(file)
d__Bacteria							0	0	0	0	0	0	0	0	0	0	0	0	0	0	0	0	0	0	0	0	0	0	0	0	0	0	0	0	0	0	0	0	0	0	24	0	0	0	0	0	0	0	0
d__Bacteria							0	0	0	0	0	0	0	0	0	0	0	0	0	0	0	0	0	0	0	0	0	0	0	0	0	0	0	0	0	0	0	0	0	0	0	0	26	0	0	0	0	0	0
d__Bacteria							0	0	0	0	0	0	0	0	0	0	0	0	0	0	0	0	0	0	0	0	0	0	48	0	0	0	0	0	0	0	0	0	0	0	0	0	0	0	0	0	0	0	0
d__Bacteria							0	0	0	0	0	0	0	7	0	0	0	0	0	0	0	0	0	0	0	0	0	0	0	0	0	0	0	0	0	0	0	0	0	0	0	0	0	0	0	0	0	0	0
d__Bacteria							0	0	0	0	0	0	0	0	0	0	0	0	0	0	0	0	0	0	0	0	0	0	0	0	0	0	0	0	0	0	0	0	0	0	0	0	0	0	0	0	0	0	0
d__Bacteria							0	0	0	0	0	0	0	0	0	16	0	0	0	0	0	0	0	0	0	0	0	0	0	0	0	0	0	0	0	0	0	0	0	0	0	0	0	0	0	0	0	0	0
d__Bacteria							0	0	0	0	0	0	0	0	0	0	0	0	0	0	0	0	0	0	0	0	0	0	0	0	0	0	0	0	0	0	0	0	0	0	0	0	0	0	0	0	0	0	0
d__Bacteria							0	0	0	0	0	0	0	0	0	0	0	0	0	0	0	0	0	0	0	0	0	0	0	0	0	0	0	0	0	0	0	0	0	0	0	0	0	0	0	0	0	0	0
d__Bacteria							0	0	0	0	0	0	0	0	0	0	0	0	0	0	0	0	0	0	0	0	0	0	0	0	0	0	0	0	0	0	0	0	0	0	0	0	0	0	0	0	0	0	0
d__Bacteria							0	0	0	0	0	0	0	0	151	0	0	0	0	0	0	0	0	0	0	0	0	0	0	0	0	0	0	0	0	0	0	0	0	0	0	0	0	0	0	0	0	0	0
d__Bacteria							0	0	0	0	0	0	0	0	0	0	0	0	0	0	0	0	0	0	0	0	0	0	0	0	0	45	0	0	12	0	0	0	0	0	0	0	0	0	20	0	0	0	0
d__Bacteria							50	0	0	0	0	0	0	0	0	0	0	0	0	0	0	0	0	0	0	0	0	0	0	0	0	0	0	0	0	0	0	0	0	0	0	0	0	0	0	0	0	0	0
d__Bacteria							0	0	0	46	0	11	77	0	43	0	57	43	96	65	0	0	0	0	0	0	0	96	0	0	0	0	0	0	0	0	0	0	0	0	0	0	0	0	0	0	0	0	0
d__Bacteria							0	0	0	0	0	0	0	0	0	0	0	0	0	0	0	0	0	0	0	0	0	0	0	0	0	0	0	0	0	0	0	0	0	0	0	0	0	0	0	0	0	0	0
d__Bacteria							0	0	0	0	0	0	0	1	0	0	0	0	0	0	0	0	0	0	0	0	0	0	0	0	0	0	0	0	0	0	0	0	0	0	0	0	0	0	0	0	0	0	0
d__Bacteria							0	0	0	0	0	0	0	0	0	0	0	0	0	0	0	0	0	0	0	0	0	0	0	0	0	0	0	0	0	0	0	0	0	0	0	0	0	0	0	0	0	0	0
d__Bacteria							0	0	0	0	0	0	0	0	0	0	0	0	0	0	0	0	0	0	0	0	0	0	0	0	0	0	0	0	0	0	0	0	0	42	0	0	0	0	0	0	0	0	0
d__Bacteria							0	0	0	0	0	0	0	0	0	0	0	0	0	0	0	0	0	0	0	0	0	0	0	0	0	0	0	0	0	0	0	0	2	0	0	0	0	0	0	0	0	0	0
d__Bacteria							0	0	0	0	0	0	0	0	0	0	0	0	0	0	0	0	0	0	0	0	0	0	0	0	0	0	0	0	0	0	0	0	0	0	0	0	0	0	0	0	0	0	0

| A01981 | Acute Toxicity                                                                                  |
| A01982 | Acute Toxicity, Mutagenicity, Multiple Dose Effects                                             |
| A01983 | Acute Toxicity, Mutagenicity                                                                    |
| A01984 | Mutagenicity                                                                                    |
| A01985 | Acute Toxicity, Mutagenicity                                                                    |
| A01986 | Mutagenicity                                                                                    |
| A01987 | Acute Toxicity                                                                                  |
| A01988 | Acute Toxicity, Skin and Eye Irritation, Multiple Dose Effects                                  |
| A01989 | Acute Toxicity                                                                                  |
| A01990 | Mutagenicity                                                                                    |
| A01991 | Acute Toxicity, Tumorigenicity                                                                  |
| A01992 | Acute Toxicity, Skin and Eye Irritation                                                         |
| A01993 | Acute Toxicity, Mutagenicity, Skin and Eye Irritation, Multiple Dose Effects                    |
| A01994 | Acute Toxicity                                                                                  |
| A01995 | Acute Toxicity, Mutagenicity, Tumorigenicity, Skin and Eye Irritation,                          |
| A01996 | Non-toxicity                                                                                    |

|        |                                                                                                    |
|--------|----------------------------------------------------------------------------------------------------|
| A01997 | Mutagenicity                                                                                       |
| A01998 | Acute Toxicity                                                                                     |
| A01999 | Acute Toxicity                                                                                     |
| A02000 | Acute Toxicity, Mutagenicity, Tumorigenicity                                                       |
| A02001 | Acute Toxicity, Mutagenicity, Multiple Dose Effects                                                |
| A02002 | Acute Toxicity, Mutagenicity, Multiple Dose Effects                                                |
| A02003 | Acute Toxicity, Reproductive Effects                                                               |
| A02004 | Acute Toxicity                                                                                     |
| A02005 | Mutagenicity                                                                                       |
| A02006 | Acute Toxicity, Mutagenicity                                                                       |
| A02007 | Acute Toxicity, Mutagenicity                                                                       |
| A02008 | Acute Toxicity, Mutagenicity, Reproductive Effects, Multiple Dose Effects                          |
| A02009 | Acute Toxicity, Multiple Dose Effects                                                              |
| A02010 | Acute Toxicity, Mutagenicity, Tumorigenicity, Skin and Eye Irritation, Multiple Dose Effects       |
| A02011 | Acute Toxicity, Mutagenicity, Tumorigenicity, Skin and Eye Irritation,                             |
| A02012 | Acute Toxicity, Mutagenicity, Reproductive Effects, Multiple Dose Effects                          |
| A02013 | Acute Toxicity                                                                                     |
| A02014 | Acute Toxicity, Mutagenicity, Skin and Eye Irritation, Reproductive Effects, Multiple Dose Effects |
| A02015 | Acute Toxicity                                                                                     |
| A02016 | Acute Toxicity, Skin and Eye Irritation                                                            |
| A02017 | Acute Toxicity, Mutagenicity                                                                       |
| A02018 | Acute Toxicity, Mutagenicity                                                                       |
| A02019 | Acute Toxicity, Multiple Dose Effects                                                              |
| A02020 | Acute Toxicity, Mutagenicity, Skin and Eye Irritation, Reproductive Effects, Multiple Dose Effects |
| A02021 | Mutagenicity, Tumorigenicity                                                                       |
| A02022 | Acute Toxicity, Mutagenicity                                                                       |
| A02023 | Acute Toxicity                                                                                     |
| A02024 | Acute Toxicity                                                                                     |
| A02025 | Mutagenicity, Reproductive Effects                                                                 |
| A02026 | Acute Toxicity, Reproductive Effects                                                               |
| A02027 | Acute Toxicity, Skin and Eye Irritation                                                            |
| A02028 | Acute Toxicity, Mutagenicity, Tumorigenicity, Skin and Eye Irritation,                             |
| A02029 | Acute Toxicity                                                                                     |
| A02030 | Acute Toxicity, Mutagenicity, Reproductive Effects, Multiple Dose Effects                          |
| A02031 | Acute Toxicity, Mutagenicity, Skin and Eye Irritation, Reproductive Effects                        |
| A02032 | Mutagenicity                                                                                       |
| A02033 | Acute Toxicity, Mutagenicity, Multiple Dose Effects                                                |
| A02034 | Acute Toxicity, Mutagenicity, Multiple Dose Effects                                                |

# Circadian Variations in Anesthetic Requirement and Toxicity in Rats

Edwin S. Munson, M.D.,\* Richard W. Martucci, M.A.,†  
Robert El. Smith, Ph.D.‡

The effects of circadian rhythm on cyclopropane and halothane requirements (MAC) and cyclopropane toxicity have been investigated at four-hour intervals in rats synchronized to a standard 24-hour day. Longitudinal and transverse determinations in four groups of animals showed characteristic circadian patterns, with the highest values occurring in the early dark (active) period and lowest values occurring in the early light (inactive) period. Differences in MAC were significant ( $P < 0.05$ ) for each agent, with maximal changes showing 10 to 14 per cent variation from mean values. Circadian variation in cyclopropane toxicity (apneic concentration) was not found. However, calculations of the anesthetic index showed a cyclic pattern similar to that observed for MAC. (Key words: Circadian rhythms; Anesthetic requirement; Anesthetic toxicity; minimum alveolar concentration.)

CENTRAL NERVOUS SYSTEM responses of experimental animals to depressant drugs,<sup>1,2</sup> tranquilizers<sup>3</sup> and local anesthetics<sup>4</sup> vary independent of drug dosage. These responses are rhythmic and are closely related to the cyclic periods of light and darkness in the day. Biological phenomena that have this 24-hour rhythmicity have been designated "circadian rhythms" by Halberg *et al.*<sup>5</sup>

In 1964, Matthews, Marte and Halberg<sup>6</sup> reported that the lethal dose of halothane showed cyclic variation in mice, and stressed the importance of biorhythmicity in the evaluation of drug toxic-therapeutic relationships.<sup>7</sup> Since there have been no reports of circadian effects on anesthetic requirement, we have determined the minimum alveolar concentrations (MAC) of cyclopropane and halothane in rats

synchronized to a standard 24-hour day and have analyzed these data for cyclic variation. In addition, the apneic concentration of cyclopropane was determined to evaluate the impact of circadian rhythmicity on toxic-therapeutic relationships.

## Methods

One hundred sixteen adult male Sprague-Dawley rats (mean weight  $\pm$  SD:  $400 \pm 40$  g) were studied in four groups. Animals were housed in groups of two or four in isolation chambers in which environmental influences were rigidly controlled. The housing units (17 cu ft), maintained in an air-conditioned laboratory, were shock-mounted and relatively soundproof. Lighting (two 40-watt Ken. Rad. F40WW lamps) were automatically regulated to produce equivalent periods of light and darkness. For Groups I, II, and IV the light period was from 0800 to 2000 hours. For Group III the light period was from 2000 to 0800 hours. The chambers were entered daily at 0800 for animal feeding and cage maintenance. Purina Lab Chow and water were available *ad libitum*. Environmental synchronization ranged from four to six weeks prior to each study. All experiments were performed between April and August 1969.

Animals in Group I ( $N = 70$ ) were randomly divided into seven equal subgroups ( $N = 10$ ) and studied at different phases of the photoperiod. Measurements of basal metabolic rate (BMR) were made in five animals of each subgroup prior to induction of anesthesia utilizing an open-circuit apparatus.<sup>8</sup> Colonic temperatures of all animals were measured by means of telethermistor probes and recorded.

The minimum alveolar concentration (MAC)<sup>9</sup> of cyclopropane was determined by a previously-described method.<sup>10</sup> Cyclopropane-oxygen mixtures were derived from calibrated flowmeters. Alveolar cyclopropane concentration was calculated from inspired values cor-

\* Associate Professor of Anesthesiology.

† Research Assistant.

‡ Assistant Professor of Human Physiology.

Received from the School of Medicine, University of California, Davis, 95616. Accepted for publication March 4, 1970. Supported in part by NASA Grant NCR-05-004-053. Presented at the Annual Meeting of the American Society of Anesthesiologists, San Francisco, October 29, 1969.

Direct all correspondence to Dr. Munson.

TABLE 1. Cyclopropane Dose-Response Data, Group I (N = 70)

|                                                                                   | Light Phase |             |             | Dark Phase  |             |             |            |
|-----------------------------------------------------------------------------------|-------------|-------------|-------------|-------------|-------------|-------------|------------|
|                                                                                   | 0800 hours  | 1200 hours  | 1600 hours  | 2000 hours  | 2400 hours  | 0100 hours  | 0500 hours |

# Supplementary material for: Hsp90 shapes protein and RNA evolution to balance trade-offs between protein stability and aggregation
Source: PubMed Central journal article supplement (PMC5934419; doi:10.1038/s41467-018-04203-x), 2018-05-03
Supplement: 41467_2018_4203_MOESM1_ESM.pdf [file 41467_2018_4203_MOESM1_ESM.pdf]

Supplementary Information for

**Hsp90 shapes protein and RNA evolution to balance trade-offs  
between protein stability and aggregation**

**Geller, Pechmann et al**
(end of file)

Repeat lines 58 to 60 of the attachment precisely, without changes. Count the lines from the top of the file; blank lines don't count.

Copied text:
| A02017 | Acute Toxicity, Mutagenicity                                                                       |
| A02018 | Acute Toxicity, Mutagenicity                                                                       |
| A02019 | Acute Toxicity, Multiple Dose Effects                                                              |